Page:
“They eventually figured me out, and I got banned,” he says.

 

 

In 1961, Jim Wallis was just 19 years old and coaching senior football. His footballing talent led to his St Kilda appearances in the ’60s, but also to widespread adoration and respect in the Mallee. On the Tuesday after their third consecutive Grand Final loss in 1963, Wallis held a training session for the Nullawil players. All those who were fit participated. Wallis was playing a semi-final that week for St Kilda, a loss to Melbourne, where the forward kicked one goal.

 

 

Gerald remembers each Grand Final, drily remarking that the best celebrations followed the three losses as the Maroons drowned their sorrows.

 

 

“In the final stages (of the 1961 Grand Final), I kicked the last goal for Nullawil, which put us 17 points up,” he reminisces over a crackling phone line.

 

“Someone said that three-and-a-half minutes of time on had elapsed. Berriwillock defeated us by a point.”

 

“That was fairly savage.”

 

 

In 1962, Culgoa was the opponent, and rain played havoc to Nullawil’s chances. The Maroons, fine-tuned to the brutal, rock-like grounds in the Mallee, were greeted by “a downfall the night before of about three inches”. The reserves Grand Final was postponed over concerns that the field would be churned and boggy by the time Culgoa and Nullawil took to the turf.

 

 

 

Nullawil’s 1962 senior team. Ken Townrow is seated in the front row, first from the right. Gerald Hogan is second from the left on the front row. [Source: Ken Townrow.]

 

“We went onto the ground with plastic stops that hadn’t been changed all year. They served us well on dry grounds,” explains Gerald Hogan.

 

“But Bill Evely (ex-Richmond player, and Culgoa coach) had every one of their players with new stops in their boots that day. We ‘Nully’ boys didn’t, and we were slipping and sliding all over the place.”

 

 

There had been a draw in the semi-finals, pushing the Grand Final back a week. This also ruled out one of Nullawil’s better players due to a scheduled wedding, which ‘couldn’t be helped.’ Nullawil would lose the ’62 Grand Final by two goals, and then the ’63 Grand Final by seven points, despite easily accounting for Manangatang in the semi-final.

 

 

“(The club) had to make changes,” says Gerald. “I went from the centre to the wing, the centre half back went to the wing, and we picked up a few promising footballers.”

 

 

This included Ron Pollington, who as a playing coach had led Jerilderie to the 1963 premiership in the Coreen & District Football League the year prior., and Maurice Koop, who eventually go on to form the Pappas, Carter, Evans and Koop management consulting firm, which merged with the Boston Consulting Group. The ‘Carter’ mentioned in the group is Colin Carter, ex-AFL commissioner, ex-President of the Geelong Football Club, and recent publisher of a report into the viability of a Tasmanian AFL team.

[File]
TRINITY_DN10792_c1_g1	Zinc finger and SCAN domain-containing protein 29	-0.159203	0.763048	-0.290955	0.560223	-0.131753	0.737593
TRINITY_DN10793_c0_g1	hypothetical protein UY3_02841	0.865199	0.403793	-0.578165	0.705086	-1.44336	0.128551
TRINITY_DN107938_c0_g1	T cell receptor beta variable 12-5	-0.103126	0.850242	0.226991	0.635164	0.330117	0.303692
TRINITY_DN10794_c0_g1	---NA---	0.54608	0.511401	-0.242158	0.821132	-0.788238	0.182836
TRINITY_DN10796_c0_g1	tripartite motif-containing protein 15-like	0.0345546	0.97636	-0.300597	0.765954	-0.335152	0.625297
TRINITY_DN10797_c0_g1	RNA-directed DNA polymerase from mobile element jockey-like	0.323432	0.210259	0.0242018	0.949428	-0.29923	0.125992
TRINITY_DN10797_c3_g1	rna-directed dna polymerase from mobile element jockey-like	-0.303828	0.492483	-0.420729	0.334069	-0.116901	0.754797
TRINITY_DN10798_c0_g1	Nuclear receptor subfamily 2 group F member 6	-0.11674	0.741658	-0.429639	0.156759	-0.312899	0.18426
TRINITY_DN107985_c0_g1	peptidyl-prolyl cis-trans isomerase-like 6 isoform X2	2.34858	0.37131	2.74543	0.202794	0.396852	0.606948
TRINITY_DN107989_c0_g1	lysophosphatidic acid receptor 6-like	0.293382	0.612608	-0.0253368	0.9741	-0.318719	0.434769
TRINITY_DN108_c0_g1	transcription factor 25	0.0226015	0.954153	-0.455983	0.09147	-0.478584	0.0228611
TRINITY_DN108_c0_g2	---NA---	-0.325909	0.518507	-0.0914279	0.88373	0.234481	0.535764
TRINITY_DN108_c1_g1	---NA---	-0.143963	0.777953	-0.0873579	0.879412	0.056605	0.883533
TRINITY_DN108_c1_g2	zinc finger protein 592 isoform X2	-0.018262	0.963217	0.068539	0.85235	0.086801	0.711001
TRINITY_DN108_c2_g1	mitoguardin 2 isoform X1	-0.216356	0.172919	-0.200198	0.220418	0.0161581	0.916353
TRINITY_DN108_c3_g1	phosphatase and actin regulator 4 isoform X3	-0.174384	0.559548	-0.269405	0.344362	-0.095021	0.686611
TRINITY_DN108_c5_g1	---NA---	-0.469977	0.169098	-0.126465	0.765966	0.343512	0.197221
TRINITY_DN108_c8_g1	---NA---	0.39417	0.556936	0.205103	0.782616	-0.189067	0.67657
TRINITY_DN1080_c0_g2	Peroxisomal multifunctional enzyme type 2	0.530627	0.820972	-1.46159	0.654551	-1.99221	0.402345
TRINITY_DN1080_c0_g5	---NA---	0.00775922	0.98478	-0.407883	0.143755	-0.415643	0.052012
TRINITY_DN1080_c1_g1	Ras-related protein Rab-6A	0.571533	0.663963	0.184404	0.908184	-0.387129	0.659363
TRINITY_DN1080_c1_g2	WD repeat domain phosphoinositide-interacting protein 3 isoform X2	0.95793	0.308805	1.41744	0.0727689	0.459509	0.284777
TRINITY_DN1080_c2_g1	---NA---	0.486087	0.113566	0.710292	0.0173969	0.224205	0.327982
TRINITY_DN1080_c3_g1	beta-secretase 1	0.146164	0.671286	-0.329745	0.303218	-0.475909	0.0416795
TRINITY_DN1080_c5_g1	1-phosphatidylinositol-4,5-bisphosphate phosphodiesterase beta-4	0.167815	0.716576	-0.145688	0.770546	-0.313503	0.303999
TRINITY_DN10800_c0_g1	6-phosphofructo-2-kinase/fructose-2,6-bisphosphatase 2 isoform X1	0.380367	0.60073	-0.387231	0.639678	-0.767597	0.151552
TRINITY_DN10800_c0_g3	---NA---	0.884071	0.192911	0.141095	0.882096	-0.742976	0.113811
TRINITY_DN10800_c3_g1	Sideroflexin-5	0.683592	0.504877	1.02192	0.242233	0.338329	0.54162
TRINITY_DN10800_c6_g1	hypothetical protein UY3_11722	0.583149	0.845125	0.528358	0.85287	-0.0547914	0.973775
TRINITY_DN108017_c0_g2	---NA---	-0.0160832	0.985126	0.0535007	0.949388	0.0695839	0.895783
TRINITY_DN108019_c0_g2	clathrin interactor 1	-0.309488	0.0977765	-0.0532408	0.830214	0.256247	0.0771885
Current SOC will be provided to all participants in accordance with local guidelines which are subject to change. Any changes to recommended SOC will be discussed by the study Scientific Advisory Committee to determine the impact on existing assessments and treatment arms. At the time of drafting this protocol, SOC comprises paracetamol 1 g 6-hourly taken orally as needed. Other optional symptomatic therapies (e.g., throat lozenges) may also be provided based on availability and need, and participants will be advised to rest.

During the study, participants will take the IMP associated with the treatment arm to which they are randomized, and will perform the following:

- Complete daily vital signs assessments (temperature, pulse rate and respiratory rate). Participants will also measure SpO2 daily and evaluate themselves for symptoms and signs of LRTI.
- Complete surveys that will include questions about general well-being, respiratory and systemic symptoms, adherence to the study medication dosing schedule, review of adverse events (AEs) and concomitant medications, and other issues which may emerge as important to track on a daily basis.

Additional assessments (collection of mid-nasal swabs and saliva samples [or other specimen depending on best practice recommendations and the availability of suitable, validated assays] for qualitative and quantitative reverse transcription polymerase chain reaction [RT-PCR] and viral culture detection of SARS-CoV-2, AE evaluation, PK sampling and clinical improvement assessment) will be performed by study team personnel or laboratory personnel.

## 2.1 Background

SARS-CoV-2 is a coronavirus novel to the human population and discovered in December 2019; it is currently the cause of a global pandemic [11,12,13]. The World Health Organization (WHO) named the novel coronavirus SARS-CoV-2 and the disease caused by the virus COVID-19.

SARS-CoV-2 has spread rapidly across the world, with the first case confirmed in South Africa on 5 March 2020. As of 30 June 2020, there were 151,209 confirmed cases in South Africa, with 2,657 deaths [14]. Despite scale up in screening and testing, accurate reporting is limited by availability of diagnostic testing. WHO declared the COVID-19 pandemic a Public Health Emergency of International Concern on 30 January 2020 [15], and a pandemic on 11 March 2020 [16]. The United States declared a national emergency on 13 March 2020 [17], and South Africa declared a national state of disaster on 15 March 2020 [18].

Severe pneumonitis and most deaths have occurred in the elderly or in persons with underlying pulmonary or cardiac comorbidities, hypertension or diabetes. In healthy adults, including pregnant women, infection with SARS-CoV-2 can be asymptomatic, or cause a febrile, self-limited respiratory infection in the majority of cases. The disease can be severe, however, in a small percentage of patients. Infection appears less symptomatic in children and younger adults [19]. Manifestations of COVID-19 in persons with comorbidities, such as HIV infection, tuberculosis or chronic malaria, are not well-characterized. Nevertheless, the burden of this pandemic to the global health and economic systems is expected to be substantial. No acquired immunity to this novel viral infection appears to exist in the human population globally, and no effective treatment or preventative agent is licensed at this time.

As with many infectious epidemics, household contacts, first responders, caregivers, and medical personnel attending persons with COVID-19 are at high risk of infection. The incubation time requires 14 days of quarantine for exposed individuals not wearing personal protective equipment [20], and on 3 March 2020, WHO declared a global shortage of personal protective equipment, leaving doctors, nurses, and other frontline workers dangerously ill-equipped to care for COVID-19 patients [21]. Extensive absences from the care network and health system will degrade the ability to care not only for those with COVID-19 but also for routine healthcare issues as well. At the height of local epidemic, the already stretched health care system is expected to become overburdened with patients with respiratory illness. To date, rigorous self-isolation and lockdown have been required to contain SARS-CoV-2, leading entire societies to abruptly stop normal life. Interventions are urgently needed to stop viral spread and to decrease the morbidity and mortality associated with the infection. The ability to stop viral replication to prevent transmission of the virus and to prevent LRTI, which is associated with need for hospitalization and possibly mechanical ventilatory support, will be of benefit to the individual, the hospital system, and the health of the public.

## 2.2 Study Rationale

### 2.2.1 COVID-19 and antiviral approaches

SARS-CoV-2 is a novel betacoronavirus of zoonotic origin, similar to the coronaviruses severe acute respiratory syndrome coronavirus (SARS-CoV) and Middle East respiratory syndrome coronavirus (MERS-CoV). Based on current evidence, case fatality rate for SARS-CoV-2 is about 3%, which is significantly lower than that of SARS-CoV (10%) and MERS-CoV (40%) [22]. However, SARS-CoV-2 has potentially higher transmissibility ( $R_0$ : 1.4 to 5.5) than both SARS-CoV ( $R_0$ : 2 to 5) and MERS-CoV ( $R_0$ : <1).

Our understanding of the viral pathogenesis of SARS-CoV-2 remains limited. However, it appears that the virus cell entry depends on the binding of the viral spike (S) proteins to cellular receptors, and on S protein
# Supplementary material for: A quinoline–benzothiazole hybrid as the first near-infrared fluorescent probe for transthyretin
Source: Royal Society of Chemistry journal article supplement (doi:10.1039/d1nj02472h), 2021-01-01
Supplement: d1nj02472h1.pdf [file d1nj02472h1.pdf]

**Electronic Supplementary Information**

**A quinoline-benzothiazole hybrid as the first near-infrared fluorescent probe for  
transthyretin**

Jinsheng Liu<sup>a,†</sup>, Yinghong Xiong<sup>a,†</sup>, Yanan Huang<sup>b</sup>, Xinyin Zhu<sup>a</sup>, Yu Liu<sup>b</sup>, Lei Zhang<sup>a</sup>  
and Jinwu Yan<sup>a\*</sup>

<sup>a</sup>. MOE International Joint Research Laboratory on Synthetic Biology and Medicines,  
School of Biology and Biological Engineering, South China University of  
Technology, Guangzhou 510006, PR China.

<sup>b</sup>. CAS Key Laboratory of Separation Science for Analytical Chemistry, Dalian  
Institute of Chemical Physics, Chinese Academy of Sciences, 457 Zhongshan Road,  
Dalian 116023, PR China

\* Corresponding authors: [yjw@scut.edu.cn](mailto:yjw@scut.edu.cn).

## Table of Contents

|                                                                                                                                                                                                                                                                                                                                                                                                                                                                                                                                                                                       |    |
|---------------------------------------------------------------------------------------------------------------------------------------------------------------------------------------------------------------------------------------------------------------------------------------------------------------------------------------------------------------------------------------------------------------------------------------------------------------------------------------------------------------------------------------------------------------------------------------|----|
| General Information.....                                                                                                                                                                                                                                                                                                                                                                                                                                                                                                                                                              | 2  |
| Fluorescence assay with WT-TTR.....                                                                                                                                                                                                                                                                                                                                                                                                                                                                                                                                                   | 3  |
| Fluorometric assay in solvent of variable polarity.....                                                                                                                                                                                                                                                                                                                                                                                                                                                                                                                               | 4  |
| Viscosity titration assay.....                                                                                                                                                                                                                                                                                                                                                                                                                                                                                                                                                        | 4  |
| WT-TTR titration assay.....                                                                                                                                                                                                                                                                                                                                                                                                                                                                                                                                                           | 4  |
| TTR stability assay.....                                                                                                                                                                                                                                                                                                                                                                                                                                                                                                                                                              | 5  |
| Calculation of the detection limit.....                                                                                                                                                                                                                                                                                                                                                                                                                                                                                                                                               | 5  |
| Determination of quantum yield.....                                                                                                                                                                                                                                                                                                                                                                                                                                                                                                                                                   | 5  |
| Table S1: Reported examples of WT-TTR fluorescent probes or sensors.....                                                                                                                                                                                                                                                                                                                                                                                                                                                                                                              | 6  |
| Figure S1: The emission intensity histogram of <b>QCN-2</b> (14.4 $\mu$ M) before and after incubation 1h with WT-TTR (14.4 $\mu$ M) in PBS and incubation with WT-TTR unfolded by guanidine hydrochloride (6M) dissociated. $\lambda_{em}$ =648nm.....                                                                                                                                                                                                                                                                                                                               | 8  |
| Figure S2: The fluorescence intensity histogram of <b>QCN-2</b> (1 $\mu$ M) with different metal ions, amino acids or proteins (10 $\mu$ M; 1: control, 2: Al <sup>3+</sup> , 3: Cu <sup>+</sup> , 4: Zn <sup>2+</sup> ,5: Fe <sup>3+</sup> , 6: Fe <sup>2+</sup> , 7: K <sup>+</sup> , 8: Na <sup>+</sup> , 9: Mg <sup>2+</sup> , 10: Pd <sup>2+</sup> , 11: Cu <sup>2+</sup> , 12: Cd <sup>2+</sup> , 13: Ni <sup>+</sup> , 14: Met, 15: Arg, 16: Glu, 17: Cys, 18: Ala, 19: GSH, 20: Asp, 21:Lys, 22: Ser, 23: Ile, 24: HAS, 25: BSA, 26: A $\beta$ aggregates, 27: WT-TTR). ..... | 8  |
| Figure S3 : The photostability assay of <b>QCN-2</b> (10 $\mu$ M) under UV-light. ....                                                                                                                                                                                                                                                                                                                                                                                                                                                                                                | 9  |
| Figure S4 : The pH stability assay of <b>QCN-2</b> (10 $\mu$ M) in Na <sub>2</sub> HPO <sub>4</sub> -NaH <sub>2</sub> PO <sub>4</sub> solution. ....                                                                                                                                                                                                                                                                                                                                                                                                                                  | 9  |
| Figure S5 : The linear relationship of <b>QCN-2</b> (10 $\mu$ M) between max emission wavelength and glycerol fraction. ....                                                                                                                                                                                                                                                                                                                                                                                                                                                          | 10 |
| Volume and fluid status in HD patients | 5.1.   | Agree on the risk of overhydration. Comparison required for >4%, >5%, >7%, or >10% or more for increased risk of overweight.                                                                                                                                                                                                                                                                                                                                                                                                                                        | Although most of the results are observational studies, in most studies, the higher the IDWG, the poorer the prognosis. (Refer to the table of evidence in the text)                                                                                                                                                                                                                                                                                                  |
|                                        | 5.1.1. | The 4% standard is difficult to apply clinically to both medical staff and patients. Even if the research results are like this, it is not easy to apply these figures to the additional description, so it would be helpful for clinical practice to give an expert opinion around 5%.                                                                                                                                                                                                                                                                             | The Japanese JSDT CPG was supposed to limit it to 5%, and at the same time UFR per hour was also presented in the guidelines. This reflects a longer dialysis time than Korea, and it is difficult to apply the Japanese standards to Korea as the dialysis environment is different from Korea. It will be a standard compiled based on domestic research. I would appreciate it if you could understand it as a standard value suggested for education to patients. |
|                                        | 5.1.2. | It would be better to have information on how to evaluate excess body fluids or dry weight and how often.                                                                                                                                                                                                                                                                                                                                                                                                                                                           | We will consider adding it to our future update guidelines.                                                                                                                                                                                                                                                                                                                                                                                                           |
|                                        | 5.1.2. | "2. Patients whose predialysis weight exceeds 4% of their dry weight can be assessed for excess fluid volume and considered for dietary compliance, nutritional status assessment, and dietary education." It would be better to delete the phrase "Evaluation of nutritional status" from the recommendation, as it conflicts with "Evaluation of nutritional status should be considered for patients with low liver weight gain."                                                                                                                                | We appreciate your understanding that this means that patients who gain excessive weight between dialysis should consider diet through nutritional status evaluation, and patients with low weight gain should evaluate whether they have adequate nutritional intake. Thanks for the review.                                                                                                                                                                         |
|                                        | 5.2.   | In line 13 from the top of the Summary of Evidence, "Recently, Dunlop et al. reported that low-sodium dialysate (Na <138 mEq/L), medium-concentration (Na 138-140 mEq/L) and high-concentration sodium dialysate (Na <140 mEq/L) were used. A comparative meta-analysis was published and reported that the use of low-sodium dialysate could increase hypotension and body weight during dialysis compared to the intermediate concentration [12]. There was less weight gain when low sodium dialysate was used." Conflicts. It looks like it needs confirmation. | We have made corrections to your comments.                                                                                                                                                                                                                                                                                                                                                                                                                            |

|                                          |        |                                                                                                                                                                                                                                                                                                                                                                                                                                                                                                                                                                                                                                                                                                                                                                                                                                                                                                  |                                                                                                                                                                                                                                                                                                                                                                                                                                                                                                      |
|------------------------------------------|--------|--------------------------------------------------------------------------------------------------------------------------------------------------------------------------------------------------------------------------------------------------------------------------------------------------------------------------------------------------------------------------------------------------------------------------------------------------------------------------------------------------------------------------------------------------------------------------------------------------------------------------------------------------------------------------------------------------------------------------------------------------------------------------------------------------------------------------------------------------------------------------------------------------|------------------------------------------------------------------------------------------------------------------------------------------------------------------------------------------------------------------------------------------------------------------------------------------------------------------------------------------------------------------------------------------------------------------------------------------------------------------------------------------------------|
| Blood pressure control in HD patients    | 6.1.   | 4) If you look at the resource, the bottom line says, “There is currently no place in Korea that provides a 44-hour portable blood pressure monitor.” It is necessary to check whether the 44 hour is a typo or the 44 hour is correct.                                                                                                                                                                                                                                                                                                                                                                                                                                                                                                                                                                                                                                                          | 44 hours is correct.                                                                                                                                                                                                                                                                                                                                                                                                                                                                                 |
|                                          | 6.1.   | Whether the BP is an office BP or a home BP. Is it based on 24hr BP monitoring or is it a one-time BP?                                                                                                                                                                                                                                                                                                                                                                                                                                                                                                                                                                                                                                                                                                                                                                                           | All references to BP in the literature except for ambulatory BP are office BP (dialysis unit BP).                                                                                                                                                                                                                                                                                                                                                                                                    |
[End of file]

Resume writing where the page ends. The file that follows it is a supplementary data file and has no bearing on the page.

Maurie Koop was a mate of a local – like many weekend fill-ins. Nullawil players would go away to the city or elsewhere to work, and return home with a mate who, invariably, turned out to be a handy footballer. The staying power of a successful club that competed for premierships brought Nullawil footballing talent from outside the region alongside its homegrown talent.

 

 

1964 was the year that changed the town’s footballing fortunes changed. Thanks to the lack of wider recognition of the 1945 premiership, it had been 27 years since a universally acknowledged Grand Final victory, and the township was champing at the bit after three successive Grand Final losses. But with the inclusion of key players, and the appointment of legendary coach Tony Tuck, the Nullawil Maroons broke through to begin an unrivalled period of footballing success.

 

Part 2 in Paddy’s series will be published soon.

 

 

Read more from Paddy Grindlay HERE

 

 

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Comments

  1. Great stuff mate, very happy to read some longer form history-based stuff from you!

    A corner of the state I have very little knowledge of, but now I’ve got more of a feel for the colour and movement.

  2. citrus bob says

    Like JL said “Great stuff”. Should be more of this history put to paper around the bush. Not enough local sporting histories about clubs of all descriptions being the focal point of towns. Still waiting for someone to repaint the Culgoa premiership work on the water tower in Culgoa before it disappears like many historical moments.

  3. Hayden Kelly says

    Paddy
    Thanks a great start . My interest in Nullawil goes back to the 60s when on Monday morning the Nully school bus would roll into Saint Michaels Wycheproof and for the next few days we would be regaled with stories of the doings of the mighty Maroons in the Tyrrell League from the Nully kids .Smiths ,Ryans ,Hogans and Shanleys come to mind .
    It didn’t seem relevant that Wycheproof Narraport at that time were dominating the stronger North Central League as to them the only team that mattered was Nullawil .
    I continue to watch them from afar via country newspapers and it amazes me how their sporting teams not only survive but thrive . Last year they were fielding 4 footy teams and 6 netball teams .In summer in conjunction with Culgoa they field 2 cricket teams and the best tennis team in the District . I reckon they have won around 10 of the last 15 tennis premierships competing against much bigger towns including St Arnaud and Donald .
    A word of warning for those who fancy their tennis ability if you are ever drawn to play against a woman from Nullawil I suggest you don’t back yourself to win .
    Look forward to next instalment .
    Cheers

  4. Andrew Kelly says

    Terrific article Paddy. It captures the true spirit of the town. I am Hayden’s brother so also experienced the Monday morning stories from the Nully kids of how the mighty Maroons had flogged some hapless opponent the previous Saturday. I think I may have envied them despite the fact that Wycheproof was doing the same in the North Central league. I look forward to your next instalment. Cheers Andrew